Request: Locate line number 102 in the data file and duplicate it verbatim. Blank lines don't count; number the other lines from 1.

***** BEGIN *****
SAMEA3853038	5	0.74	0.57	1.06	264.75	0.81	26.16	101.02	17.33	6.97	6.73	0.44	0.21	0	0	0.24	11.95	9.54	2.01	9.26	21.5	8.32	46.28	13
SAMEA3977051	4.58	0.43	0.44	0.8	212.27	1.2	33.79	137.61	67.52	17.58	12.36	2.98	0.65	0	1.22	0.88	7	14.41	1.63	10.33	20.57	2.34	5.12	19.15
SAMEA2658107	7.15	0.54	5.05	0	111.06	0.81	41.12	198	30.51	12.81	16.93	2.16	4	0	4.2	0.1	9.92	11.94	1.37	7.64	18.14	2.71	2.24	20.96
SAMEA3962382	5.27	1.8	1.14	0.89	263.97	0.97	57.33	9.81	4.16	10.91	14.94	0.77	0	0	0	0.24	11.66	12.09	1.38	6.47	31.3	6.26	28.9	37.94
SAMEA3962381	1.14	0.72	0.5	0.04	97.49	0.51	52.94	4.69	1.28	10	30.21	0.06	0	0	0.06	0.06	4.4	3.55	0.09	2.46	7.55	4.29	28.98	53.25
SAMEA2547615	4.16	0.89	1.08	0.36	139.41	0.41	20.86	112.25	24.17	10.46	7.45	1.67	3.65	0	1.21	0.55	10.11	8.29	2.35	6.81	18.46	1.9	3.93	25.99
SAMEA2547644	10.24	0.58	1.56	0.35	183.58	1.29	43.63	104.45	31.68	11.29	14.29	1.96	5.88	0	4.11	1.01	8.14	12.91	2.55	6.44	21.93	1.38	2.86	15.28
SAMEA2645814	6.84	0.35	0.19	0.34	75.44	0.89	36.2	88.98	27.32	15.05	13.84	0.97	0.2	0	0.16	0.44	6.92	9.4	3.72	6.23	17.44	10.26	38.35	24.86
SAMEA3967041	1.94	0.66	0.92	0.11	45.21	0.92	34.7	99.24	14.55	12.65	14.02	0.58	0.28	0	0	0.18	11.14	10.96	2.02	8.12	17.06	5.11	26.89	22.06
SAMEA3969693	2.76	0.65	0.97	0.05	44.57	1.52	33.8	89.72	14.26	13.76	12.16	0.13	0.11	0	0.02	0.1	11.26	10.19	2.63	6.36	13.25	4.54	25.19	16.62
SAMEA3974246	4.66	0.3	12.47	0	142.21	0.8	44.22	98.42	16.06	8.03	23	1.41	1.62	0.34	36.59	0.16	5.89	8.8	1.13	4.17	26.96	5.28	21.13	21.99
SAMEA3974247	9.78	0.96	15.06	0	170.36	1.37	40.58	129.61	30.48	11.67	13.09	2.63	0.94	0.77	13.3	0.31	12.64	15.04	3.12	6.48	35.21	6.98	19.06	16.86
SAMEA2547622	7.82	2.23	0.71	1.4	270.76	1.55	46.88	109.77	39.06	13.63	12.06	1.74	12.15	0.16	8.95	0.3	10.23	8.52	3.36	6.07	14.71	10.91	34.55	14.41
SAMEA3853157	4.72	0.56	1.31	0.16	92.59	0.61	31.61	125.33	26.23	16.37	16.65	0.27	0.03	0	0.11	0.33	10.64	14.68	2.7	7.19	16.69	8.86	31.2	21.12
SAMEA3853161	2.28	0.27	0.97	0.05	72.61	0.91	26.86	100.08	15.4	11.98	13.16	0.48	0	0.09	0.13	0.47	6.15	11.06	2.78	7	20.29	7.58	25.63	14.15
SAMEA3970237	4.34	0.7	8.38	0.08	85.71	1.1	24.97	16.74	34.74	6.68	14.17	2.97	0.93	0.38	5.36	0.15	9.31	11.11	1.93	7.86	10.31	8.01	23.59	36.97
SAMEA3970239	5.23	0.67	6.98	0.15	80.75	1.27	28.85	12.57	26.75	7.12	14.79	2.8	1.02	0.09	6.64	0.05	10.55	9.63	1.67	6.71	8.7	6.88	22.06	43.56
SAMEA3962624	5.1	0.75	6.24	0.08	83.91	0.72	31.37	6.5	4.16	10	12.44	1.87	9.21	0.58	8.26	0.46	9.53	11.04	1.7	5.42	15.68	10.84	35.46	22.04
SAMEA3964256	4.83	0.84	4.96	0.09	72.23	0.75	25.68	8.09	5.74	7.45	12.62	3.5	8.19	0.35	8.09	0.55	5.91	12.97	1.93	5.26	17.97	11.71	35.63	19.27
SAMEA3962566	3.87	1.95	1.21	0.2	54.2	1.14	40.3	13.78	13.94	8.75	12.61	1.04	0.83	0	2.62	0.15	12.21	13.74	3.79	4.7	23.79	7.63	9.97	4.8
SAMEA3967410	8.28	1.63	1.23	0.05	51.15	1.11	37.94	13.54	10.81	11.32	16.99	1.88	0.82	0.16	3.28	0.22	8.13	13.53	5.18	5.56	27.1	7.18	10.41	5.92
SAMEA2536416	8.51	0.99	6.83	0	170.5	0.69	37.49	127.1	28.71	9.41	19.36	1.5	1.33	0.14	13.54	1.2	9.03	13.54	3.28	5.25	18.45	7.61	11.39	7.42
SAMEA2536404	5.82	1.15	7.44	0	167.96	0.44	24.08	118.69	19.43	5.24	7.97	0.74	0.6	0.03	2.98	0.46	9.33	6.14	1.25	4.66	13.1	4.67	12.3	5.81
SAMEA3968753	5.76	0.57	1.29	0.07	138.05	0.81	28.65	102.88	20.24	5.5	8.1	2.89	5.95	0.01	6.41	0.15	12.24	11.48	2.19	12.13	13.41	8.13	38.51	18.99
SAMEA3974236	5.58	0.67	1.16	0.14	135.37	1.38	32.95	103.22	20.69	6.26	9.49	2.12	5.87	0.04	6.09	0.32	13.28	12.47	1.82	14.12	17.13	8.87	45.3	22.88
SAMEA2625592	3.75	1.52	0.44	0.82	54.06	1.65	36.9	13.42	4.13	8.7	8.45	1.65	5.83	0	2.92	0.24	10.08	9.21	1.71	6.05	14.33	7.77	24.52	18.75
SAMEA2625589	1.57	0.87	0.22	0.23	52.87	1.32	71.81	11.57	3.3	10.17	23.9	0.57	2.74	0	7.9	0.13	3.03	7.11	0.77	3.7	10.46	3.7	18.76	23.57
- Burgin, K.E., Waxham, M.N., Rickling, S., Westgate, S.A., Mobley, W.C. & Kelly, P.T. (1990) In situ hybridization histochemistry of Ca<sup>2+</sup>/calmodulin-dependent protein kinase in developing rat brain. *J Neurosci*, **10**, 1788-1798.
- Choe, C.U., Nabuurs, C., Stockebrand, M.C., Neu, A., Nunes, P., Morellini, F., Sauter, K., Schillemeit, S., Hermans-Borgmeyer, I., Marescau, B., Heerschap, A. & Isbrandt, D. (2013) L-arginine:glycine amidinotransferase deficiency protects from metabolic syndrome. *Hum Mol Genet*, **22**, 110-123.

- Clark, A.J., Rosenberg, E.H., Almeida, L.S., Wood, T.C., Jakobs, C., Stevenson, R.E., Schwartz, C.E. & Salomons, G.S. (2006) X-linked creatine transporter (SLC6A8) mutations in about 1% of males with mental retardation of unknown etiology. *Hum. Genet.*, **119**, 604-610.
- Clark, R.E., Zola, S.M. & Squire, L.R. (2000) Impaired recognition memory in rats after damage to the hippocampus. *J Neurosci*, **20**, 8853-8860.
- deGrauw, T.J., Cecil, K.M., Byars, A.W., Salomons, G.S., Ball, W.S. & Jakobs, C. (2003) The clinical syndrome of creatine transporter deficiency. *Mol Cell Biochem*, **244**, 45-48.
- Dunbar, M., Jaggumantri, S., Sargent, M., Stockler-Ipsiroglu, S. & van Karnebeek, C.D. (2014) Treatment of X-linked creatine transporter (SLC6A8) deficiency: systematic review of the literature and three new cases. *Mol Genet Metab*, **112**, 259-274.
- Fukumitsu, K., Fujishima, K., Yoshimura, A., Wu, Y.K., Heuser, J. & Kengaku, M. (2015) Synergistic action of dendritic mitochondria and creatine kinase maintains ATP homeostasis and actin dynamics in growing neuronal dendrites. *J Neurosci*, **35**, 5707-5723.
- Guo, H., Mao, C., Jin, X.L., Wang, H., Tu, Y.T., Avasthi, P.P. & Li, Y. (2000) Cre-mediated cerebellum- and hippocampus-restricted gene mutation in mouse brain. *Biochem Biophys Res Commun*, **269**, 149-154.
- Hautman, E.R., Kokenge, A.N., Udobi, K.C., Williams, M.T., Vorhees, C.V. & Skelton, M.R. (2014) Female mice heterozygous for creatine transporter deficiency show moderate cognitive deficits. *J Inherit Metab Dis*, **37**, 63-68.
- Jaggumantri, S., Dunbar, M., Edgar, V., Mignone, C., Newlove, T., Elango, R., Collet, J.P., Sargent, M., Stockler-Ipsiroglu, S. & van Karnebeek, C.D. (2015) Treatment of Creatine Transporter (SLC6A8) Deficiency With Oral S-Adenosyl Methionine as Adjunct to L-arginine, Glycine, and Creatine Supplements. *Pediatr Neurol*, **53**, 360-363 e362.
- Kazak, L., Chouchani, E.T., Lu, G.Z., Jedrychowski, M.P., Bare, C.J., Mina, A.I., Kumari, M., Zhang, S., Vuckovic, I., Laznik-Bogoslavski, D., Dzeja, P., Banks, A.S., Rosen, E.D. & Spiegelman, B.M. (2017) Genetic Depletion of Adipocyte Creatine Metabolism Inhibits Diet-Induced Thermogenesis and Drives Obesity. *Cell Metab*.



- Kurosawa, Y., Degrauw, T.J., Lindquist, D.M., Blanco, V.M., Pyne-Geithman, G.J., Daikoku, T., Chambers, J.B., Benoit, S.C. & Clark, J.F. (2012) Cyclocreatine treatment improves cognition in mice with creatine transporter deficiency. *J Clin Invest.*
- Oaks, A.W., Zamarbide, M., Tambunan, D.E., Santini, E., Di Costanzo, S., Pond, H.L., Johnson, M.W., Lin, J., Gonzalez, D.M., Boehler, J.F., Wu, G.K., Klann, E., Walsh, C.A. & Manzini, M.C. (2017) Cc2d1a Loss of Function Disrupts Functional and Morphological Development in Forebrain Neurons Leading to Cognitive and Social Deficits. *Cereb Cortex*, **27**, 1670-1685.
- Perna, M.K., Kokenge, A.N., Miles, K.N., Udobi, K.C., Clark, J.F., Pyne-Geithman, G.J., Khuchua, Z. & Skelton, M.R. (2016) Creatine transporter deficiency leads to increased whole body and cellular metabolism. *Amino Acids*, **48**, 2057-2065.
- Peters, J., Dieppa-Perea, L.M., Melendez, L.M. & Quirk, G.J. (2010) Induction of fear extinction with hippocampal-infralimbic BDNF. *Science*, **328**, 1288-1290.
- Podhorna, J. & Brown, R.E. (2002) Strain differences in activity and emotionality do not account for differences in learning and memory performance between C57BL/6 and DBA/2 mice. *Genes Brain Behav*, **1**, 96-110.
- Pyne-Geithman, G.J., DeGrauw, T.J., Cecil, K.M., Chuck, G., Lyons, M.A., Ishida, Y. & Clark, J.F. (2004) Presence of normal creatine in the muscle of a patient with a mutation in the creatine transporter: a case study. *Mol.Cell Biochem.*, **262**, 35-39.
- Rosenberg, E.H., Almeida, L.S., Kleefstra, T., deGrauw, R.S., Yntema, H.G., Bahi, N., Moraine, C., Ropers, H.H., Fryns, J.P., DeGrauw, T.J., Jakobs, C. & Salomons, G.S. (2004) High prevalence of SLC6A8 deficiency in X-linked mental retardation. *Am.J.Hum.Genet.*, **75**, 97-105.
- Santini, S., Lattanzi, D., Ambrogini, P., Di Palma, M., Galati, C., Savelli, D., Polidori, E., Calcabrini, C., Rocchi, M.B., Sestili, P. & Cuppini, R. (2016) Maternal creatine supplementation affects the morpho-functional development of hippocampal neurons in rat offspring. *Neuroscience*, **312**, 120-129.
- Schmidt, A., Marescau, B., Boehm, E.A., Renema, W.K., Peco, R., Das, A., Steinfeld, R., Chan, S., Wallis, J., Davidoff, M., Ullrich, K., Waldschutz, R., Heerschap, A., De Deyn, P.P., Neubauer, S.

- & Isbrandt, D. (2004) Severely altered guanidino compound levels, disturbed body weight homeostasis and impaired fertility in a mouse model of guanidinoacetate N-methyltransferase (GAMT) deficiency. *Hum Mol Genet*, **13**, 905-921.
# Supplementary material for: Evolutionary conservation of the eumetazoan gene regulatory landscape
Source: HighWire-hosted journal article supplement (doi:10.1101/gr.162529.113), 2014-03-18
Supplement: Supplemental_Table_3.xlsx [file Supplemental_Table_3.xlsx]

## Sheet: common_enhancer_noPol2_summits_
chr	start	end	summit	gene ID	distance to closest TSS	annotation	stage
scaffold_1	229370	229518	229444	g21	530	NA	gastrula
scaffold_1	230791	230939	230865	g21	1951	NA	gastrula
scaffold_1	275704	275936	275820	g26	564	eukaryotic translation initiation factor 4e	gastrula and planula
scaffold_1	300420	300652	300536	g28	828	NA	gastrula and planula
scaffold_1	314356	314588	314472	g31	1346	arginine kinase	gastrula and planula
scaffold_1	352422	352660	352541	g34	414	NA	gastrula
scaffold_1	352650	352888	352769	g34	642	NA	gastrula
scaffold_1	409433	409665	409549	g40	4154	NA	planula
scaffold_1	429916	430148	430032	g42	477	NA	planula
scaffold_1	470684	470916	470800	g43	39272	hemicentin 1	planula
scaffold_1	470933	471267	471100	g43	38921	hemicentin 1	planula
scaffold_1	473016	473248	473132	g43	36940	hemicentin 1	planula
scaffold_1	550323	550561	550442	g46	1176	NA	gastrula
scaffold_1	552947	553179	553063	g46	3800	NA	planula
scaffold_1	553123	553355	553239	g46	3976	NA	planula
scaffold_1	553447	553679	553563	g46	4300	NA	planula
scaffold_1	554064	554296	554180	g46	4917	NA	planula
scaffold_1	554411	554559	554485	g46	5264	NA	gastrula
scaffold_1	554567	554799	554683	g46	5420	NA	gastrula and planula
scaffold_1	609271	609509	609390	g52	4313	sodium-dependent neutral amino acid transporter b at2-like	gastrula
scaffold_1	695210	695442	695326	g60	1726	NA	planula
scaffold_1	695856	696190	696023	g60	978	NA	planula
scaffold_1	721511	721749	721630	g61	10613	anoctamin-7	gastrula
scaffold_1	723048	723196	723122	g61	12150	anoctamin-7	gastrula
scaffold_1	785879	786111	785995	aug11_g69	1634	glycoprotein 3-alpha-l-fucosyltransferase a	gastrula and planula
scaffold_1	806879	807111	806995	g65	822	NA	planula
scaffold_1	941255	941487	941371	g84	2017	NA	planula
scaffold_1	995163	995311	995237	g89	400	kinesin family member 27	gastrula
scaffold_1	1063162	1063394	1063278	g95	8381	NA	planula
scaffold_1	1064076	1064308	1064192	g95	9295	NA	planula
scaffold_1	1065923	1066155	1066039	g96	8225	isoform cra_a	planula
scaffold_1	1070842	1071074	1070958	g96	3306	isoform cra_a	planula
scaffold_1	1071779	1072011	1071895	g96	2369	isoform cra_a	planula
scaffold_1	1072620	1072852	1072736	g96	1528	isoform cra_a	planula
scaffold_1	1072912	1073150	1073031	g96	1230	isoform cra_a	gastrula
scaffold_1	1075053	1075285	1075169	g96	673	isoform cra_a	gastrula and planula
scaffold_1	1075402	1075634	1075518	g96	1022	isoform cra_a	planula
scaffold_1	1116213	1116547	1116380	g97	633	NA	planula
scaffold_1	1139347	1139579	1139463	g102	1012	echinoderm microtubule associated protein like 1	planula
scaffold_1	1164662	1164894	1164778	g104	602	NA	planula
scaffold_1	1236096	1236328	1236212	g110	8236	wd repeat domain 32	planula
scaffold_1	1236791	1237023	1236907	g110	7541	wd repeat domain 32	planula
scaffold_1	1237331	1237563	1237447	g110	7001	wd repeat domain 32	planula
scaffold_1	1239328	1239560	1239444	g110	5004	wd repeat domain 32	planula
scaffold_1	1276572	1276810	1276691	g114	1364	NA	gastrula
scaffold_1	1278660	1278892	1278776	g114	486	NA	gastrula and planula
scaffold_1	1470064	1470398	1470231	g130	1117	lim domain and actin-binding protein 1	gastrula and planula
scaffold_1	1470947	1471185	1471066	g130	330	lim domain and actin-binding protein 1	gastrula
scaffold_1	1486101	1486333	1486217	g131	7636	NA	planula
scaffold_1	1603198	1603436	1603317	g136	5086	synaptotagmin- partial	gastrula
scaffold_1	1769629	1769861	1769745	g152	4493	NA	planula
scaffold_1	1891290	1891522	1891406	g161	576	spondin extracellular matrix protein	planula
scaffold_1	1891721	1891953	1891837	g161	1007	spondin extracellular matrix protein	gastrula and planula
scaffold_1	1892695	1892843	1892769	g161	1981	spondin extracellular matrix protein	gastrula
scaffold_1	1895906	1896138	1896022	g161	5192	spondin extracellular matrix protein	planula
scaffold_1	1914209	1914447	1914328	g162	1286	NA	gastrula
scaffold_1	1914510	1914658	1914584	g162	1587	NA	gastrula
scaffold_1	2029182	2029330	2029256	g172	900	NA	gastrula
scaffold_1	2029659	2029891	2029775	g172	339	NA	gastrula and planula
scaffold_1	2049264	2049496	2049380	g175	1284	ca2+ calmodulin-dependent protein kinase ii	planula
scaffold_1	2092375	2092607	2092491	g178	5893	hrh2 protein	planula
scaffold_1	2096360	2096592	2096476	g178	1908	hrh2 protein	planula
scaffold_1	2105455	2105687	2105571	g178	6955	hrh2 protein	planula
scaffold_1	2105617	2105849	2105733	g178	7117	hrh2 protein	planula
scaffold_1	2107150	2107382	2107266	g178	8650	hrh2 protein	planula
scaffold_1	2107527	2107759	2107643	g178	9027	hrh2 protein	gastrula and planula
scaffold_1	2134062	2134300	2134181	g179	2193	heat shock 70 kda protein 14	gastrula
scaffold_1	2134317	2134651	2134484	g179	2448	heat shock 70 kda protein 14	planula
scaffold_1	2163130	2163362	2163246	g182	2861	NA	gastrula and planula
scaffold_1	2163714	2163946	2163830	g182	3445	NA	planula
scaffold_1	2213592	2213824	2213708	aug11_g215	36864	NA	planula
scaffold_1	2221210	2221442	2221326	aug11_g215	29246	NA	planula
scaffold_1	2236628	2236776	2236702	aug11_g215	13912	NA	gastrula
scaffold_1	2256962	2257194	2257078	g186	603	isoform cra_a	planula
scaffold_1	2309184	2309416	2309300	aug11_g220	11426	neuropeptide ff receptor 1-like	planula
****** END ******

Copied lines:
scaffold_1	1486101	1486333	1486217	g131	7636	NA	planula